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cripture: Train up a child in the way he should go, and when he is old he will not depart from it. Proverbs 22:6, NKJV
    He is big for his age, he’s boisterous, he’s friendly, and he likes to play. Problem is - his intended playmates don’t want anything to do with him; they run away. Truth be told, he needs a little behavior modification.
    After all, at just one year of age, Joe is still a puppy at over 80 pounds of frisky, and his playmates are sheep. Well, he is not supposed to play with them, just care for them. He is a Livestock Guard Dog, of a type bred for generations to live with livestock and guard them from predators. His father is a Maremma, a breed that originated in Italy. His mother is a Great Pyrenees, developed in the mountains of the same name. Both of our dogs are white, with rather long hair. Adult dogs weigh between 80 and 100 pounds. Sara, our other dog, is a pure Maremma, six years old, very good with the stock, and, hopefully, a good teacher and example for an impressionable puppy.
    Their education begins at a very early age. Livestock  guard  dog  puppies  (LGDs)  are placed with the type of livestock that they will be guarding, lambs in our case, so that they “imprint” or identify with that species, although they retain their ‘doggie’ traits.
    LGDs take their role as guardians very seriously. If a threat to the livestock is suspected, they quickly check it out. The first response is to place themselves between the ‘predator’ and the sheep, and sound the alarm by barking. “Hey! I’m here - don’t even think about it!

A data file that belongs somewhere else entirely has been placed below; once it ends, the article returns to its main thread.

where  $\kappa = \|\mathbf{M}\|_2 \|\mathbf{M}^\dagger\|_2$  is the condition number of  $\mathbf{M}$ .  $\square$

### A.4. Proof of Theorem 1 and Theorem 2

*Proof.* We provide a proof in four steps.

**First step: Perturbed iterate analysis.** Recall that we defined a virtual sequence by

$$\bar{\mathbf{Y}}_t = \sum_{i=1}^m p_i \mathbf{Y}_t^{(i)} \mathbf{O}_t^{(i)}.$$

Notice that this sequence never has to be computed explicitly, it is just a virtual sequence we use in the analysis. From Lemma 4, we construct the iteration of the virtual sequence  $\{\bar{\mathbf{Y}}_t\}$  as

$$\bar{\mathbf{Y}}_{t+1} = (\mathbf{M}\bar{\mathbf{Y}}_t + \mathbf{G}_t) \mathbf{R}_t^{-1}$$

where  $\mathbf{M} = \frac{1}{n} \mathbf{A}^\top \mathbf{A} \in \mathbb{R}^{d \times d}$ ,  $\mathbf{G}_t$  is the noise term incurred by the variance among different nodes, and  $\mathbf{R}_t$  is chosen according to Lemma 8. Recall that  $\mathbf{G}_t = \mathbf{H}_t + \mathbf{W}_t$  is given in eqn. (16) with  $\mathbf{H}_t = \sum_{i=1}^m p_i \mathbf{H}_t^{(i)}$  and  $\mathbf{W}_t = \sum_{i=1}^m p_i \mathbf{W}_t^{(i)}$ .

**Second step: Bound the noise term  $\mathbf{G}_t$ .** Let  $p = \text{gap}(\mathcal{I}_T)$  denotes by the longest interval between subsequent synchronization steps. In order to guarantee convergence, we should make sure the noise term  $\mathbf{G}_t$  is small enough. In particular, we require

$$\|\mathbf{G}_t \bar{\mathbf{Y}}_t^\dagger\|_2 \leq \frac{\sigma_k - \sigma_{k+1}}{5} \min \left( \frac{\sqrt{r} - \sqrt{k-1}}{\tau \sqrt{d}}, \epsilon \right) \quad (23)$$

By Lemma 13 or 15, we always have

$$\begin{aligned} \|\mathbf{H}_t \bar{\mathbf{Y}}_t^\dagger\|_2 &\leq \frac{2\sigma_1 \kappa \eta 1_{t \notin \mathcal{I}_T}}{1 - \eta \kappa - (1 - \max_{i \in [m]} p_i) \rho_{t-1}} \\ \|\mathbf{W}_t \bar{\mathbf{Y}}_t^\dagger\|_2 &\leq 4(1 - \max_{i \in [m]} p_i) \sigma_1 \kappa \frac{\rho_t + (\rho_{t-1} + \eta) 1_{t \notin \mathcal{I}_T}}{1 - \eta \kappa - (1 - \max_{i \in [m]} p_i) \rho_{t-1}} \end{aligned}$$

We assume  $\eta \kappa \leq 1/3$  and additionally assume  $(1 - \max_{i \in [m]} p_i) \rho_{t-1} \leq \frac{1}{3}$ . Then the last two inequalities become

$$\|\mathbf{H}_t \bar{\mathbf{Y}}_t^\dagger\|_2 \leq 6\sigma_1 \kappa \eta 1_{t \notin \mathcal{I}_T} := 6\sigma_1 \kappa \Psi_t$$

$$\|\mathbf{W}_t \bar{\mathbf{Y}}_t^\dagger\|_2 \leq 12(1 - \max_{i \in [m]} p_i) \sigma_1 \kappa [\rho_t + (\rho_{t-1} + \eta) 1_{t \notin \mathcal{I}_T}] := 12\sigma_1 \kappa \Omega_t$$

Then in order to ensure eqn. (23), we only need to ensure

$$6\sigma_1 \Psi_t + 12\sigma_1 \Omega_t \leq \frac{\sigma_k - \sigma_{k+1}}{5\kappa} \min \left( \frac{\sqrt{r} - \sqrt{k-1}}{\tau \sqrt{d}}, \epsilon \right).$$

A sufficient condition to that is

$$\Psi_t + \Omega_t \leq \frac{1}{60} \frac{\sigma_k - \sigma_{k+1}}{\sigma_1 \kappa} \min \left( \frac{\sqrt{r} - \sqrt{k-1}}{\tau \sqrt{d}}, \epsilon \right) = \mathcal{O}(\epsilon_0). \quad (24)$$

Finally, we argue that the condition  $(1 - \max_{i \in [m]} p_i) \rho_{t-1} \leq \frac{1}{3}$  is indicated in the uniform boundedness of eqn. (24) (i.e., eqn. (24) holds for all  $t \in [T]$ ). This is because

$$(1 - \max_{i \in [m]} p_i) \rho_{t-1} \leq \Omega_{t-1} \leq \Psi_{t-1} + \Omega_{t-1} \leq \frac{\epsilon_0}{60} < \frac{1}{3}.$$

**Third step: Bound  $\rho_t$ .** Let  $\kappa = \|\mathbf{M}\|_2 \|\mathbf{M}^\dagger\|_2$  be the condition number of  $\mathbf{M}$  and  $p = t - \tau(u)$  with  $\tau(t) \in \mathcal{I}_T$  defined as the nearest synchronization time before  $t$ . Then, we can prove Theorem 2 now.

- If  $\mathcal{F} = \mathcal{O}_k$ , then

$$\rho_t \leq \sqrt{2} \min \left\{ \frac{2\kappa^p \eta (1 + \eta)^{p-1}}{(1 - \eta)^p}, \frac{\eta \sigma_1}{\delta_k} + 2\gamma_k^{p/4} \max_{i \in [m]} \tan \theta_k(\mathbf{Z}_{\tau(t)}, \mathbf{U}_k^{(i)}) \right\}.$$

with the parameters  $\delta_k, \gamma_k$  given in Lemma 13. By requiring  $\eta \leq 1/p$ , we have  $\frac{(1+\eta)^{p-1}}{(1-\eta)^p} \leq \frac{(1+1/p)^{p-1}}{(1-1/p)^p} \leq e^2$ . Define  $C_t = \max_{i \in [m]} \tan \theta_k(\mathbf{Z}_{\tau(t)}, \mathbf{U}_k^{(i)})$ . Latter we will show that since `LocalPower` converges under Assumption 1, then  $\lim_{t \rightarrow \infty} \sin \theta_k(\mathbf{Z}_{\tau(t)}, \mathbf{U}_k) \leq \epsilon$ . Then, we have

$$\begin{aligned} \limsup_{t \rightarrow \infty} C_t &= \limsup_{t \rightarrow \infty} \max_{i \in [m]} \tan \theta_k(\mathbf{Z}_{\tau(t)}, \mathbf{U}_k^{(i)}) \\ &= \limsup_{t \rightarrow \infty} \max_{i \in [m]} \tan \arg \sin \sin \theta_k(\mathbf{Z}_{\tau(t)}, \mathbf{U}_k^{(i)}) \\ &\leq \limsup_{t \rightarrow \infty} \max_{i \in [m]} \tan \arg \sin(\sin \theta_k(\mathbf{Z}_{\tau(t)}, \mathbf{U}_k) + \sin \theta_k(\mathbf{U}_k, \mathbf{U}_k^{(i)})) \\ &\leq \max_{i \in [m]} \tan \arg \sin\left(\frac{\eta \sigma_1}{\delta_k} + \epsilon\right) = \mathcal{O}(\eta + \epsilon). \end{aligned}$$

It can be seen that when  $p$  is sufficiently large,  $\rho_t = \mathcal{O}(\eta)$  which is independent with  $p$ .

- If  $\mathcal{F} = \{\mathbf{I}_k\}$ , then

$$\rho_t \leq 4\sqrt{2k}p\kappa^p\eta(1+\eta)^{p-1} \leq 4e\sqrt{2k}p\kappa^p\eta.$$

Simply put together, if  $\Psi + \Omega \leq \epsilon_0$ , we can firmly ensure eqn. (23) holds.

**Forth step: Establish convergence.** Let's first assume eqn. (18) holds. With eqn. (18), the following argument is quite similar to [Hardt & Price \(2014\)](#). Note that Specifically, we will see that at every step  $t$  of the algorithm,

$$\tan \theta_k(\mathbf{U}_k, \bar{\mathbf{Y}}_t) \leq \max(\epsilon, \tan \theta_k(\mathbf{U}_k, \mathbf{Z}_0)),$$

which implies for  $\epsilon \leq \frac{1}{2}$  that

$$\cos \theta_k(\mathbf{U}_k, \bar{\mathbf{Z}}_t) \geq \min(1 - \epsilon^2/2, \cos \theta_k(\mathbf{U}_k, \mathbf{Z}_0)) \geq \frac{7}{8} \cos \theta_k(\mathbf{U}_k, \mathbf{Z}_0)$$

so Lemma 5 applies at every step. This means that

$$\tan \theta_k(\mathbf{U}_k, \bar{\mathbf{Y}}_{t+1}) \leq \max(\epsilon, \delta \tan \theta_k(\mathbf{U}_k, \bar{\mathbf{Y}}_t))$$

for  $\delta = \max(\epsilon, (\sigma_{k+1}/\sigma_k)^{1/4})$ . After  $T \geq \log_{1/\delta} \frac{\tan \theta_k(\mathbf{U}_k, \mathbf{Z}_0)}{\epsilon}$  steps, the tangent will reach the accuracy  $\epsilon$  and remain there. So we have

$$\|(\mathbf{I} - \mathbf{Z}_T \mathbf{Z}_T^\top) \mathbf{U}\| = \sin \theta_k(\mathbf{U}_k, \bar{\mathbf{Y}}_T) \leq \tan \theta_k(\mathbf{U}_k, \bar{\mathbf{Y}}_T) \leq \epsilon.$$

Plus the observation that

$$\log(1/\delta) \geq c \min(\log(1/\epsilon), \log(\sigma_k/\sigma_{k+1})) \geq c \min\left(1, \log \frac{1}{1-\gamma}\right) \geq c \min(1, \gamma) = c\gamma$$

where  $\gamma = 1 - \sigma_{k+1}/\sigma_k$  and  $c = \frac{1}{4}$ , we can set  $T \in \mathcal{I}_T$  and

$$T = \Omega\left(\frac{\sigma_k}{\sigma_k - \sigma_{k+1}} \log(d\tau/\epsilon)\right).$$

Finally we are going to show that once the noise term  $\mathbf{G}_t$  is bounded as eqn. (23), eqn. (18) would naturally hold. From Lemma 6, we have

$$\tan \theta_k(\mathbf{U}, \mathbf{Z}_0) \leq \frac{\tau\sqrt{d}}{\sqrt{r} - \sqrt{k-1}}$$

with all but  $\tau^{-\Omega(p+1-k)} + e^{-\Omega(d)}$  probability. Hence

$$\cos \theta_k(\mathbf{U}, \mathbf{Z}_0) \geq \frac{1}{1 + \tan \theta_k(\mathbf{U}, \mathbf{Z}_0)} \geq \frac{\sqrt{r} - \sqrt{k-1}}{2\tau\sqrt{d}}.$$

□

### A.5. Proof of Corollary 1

A good dog will gather the sheep and move them to a safer place, if possible. However, LGDs have been known to play with coyotes, entertaining them, but all the while keeping them from their intended meal.
    If the predator persists, he will be met by a very aroused guardian. The barks turn to snarls, and an “in-your-face” display of ferociousness, and, if necessary - “Chomp!” Then, it’s over. Back to the sheep.
    Joe has about a year to go before he becomes a full-fledged guardian. Sara teaches him humility upon occasion. She is the ‘alpha’ or dominate dog, no question. We contribute to his education, as well. Hopefully, this child/dog will learn the way he should go, and will not depart from it.
    I don’t recommend the same methods for ‘training up’  a human child, but there are some parallels.
 All of God’s ‘children’ learn life and how to live it by imprinting  -  by immersion in the community they are to live in, and are to emulate.
    It is up to us - the ‘alpha’ role models - to lead, to live, to teach by example, and be the loving guardians of the next generations.

and teaches!
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